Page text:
In my final year of college, my long-time Hebrew professor, a very guarded woman when it came to her personal life, came into class one morning and told the story about how Nazis ruined her family. She told us about her family members who had been in concentration camps and the family’s eventual run to South America to flee the horrors. She shared this as a preface the news she had to share: she’d been told that any of her students who were interested would be welcome to attend a scholars conference about the Holocaust being held on campus. She planned to attend herself, so she canceled classes for the week and gave anybody who would commit to attending some of the sessions credit for having been in class. After I attended the first session, I decided to take the week off of the rest of my classes as well and attend full time.
There was a reverence about the event, a sense that there was important work being done. Among the week’s worth of sessions that I attended, each more heartbreaking than the last, one stands out clearly; a session simply titled “The Liberators.”
In it, a panel of soldiers who had been there when the camps were first liberated told their stories. They were moving. They were violent and horrific. They were all delivered in hushed tones. One man stood up and began with unforgettable words.
“I don’t want to be here.”
He went on to talk about the fact that liberating a concentration camp had caused him to compartmentalize all that he’d seen, spending his entire life doing everything possible to not think about it. His wife and children knew that he’d served in the military and wondered why he couldn’t talk about it. It took his adult daughter to convince him to participate, citing the importance of sharing his eyewitness to the repugnant things he’d seen in the camps. “This is the first and last time I will talk about these things,” he said.
I recall a couple of people – ostensibly an audience mostly made up of those who study the Holocaust and the horrors involved for a living – standing up and leaving. Something about the flat affect of this man who had been tortured his entire by the memories of what he’d seen. And having seen them, he felt a sense of duty to relate the full scope of the horror. But he didn’t want to do it. He was haunted by it.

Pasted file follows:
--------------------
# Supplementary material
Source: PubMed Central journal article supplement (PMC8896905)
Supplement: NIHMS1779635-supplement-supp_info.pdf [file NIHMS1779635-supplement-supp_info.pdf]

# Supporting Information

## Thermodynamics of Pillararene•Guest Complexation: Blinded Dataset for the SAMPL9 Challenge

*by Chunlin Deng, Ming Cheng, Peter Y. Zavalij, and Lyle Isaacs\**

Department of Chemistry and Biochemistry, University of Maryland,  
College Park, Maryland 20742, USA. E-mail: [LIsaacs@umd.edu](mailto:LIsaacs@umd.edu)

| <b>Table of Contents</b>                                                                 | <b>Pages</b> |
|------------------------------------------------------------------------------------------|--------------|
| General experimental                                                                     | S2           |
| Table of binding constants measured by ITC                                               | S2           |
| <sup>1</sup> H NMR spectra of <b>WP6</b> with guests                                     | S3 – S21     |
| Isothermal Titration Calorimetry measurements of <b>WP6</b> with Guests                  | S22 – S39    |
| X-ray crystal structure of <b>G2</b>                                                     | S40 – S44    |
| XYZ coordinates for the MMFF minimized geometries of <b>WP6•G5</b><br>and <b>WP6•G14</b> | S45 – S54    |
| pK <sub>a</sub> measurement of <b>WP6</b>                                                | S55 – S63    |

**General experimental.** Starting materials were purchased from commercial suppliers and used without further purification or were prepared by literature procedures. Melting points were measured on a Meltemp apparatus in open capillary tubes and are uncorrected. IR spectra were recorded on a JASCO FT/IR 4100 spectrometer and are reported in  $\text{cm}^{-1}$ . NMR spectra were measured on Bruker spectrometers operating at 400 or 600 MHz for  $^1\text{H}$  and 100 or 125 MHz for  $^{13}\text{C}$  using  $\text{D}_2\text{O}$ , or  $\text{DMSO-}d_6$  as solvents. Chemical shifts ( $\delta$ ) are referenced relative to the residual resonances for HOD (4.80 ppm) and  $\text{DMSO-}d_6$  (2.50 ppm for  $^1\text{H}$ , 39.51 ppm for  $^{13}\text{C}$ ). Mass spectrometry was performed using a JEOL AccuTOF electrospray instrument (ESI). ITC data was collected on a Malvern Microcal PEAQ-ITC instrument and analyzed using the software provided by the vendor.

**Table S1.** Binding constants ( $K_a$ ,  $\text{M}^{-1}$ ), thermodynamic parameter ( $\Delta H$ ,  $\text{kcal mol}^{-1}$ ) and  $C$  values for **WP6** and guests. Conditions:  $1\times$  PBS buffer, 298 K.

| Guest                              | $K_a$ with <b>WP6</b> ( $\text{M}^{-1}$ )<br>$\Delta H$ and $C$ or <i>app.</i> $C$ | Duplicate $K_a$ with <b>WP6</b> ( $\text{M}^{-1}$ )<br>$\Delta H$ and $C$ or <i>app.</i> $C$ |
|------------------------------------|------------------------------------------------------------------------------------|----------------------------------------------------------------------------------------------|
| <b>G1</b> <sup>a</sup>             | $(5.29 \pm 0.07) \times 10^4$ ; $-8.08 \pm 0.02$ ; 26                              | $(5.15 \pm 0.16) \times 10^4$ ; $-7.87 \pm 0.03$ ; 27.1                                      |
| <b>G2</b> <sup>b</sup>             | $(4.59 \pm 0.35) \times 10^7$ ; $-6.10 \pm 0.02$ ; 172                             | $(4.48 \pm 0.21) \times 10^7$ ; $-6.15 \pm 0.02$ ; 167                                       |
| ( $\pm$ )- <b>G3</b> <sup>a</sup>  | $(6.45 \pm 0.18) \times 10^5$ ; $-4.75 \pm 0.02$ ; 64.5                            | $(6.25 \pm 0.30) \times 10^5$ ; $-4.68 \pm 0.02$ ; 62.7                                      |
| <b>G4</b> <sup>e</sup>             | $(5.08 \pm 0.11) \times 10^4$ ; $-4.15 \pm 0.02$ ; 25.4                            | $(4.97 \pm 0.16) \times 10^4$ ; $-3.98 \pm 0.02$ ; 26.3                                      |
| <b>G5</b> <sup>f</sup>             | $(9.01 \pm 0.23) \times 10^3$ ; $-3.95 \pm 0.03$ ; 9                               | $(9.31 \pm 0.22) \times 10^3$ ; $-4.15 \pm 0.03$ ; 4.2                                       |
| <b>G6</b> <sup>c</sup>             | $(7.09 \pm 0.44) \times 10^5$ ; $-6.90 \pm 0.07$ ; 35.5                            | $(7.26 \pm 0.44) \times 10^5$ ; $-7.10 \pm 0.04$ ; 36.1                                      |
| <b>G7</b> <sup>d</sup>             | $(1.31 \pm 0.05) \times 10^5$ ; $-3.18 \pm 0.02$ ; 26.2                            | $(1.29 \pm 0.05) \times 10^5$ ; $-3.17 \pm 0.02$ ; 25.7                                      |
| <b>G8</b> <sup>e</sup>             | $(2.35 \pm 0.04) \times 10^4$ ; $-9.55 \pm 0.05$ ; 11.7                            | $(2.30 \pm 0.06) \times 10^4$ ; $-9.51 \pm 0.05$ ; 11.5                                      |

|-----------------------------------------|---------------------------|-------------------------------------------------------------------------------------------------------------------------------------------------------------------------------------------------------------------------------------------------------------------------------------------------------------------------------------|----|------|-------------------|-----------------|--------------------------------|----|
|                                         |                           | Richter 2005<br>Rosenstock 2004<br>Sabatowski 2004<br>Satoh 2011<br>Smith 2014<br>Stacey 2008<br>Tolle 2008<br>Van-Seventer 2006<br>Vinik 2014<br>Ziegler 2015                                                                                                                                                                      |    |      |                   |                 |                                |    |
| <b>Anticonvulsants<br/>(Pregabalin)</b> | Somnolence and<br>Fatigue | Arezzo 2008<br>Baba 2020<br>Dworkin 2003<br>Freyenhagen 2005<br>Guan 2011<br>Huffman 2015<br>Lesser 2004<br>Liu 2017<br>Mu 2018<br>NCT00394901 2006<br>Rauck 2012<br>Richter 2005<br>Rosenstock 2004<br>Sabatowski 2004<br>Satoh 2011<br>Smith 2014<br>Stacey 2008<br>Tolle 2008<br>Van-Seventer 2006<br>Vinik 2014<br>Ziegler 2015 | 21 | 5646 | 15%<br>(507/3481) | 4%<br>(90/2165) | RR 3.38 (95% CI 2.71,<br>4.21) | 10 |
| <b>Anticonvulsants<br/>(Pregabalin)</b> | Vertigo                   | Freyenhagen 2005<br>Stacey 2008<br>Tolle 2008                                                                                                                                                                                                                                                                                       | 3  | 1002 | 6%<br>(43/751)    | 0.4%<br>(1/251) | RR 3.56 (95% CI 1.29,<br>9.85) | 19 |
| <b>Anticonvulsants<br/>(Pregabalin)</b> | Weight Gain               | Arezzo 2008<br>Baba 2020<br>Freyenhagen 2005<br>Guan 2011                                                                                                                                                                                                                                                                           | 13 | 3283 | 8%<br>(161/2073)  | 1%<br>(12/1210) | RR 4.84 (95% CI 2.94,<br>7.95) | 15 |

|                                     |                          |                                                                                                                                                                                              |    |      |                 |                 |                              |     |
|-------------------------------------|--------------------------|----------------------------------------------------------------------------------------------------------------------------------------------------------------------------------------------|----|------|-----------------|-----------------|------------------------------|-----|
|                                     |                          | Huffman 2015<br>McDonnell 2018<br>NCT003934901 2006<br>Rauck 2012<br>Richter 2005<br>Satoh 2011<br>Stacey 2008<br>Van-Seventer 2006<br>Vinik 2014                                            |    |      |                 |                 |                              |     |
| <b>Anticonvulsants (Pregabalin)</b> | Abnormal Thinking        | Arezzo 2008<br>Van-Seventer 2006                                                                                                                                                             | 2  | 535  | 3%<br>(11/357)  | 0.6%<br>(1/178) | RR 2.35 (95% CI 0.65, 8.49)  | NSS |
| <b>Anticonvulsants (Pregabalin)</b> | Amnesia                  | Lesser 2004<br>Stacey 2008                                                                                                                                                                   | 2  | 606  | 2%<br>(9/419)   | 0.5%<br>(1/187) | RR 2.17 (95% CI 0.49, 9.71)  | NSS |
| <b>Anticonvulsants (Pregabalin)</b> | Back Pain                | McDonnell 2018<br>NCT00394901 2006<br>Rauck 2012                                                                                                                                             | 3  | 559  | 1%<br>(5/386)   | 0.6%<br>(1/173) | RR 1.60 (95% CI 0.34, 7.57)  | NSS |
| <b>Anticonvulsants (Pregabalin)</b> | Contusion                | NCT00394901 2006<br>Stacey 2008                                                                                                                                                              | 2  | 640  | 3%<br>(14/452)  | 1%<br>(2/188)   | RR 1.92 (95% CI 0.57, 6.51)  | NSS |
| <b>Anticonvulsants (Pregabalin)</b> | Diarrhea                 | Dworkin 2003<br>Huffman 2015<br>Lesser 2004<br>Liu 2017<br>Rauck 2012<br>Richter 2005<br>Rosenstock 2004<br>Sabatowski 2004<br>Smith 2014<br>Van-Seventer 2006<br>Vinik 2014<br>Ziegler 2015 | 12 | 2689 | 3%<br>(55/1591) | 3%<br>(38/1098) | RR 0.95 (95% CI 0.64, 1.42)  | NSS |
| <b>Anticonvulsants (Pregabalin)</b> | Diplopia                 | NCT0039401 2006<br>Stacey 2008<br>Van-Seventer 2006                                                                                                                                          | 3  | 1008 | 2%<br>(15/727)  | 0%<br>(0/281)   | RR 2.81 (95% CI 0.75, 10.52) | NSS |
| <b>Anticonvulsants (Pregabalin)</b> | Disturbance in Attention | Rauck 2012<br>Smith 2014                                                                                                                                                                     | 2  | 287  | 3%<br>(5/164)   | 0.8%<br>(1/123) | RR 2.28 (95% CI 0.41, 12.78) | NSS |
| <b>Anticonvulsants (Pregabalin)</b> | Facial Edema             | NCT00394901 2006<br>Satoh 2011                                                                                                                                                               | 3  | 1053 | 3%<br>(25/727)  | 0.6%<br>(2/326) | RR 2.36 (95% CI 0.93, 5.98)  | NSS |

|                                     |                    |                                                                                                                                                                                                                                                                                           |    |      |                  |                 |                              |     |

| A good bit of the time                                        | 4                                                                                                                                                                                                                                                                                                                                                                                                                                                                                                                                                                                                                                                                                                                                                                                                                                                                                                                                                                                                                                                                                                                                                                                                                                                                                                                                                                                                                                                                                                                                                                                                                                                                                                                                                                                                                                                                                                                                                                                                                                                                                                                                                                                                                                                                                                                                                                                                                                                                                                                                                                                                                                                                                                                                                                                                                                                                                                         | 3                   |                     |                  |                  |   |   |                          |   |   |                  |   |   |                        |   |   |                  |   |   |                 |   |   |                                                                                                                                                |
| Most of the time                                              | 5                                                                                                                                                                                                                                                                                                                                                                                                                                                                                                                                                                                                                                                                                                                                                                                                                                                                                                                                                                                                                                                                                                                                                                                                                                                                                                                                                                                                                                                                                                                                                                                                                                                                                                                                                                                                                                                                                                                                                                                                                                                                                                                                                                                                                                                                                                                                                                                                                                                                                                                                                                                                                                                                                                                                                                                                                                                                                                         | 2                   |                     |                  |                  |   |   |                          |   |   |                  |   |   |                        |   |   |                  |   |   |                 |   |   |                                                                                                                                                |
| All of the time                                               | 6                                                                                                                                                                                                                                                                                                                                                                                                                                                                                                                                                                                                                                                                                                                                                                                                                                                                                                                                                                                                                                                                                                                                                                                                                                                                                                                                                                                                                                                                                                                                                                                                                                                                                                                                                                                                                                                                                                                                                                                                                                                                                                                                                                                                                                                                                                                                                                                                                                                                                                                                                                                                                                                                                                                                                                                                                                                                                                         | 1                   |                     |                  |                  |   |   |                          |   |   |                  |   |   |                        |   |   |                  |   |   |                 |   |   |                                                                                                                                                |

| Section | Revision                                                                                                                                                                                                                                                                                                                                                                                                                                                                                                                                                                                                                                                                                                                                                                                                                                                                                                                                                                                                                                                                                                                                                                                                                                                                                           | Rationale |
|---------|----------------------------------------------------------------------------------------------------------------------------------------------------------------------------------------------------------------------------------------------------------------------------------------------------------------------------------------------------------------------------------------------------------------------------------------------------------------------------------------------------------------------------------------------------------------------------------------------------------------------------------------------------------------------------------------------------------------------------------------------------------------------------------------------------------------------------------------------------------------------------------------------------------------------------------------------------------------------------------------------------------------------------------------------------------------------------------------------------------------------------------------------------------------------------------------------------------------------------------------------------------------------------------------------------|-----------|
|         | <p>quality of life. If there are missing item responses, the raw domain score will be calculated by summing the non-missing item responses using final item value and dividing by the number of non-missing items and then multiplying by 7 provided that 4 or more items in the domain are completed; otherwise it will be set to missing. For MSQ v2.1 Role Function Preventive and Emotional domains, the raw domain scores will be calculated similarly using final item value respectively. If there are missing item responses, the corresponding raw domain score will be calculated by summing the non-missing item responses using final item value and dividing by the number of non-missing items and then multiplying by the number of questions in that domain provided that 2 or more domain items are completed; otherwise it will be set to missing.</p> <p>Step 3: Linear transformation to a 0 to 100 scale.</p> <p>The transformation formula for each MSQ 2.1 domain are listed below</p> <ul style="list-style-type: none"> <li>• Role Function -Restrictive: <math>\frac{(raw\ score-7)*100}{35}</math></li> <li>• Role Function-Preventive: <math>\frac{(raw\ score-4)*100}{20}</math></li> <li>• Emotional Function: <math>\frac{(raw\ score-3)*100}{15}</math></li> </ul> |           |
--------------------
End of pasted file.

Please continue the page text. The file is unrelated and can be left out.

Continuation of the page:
I heard the eyewitness accounts of dozens of survivors of the Holocaust during the course of the conference. I heard the eyewitness accounts of liberators. I’d studied about them in history class but there is a different reality to listening to a man in his final years of life describing horrific scenes for the first time in his life that he’d spent the decades pushing away, refusing to talk, wanting nothing more than to pretend he hadn’t seen what he had.
Still, I was glad I’d taken the time to attend. The conference offered a more concrete understanding of why scholarship on the subject was necessary to provide the knowledge that would help the world to avoid such horrors in the future. It also began a six-month bout of depression that was tenacious and unrelenting.
Warning for minor spoilers for Jojo Rabbit.
So there’s my bias going into to Taika Waititi’s latest movie Jojo Rabbit. In some ways, a story about the impact of white supremacy and Nazi ideology is something I’m a sucker audience for, having heard about those impacts from those who were there and saw them personally. But there’s also a black maw that surrounds the subject for me; I’ve heard undeniable stories that shade any movie about the subject making it much darker than a movie about some other topic.
Jojo Rabbit is about the journey of Johannes Betzler, a 10-year-old German boy who loves being a Nazi. He’s excited to attend Hitler Youth Camp where he’ll learn important Nazi skills including how to kill casually and proudly, how to throw a hand grenade, and how to shoot a rifle. And, most of all, he’ll learn about Jews, a constant source of fascination and concern for Jojo. His Nazi leaders will answer his questions about Jews as will his special imaginary friend, Adolf Hitler.